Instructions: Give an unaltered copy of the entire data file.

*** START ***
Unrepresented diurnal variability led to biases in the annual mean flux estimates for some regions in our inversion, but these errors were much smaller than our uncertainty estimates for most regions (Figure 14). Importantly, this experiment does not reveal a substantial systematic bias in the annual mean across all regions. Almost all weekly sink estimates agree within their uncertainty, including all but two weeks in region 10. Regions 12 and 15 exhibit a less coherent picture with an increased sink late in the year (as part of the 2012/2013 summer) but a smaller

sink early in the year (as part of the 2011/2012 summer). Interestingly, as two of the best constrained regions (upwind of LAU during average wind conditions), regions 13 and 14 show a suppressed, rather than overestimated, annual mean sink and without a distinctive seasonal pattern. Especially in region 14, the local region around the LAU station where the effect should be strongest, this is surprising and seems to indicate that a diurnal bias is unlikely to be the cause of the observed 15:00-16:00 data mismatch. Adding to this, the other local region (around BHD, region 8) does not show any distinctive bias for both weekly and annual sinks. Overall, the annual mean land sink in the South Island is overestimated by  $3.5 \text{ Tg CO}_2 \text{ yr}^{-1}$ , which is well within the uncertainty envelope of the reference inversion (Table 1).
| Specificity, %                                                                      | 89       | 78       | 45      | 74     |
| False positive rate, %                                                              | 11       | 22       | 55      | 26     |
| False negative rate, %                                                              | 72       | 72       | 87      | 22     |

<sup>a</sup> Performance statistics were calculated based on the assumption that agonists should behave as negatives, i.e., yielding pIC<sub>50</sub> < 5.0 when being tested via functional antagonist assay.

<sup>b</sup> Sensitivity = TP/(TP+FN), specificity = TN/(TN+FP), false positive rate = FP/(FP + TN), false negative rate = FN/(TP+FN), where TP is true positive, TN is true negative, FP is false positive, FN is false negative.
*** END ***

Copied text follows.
Unrepresented diurnal variability led to biases in the annual mean flux estimates for some regions in our inversion, but these errors were much smaller than our uncertainty estimates for most regions (Figure 14). Importantly, this experiment does not reveal a substantial systematic bias in the annual mean across all regions. Almost all weekly sink estimates agree within their uncertainty, including all but two weeks in region 10. Regions 12 and 15 exhibit a less coherent picture with an increased sink late in the year (as part of the 2012/2013 summer) but a smaller

sink early in the year (as part of the 2011/2012 summer). Interestingly, as two of the best constrained regions (upwind of LAU during average wind conditions), regions 13 and 14 show a suppressed, rather than overestimated, annual mean sink and without a distinctive seasonal pattern. Especially in region 14, the local region around the LAU station where the effect should be strongest, this is surprising and seems to indicate that a diurnal bias is unlikely to be the cause of the observed 15:00-16:00 data mismatch. Adding to this, the other local region (around BHD, region 8) does not show any distinctive bias for both weekly and annual sinks. Overall, the annual mean land sink in the South Island is overestimated by  $3.5 \text{ Tg CO}_2 \text{ yr}^{-1}$ , which is well within the uncertainty envelope of the reference inversion (Table 1).
| Specificity, %                                                                      | 89       | 78       | 45      | 74     |
| False positive rate, %                                                              | 11       | 22       | 55      | 26     |
| False negative rate, %                                                              | 72       | 72       | 87      | 22     |

<sup>a</sup> Performance statistics were calculated based on the assumption that agonists should behave as negatives, i.e., yielding pIC<sub>50</sub> < 5.0 when being tested via functional antagonist assay.

<sup>b</sup> Sensitivity = TP/(TP+FN), specificity = TN/(TN+FP), false positive rate = FP/(FP + TN), false negative rate = FN/(TP+FN), where TP is true positive, TN is true negative, FP is false positive, FN is false negative.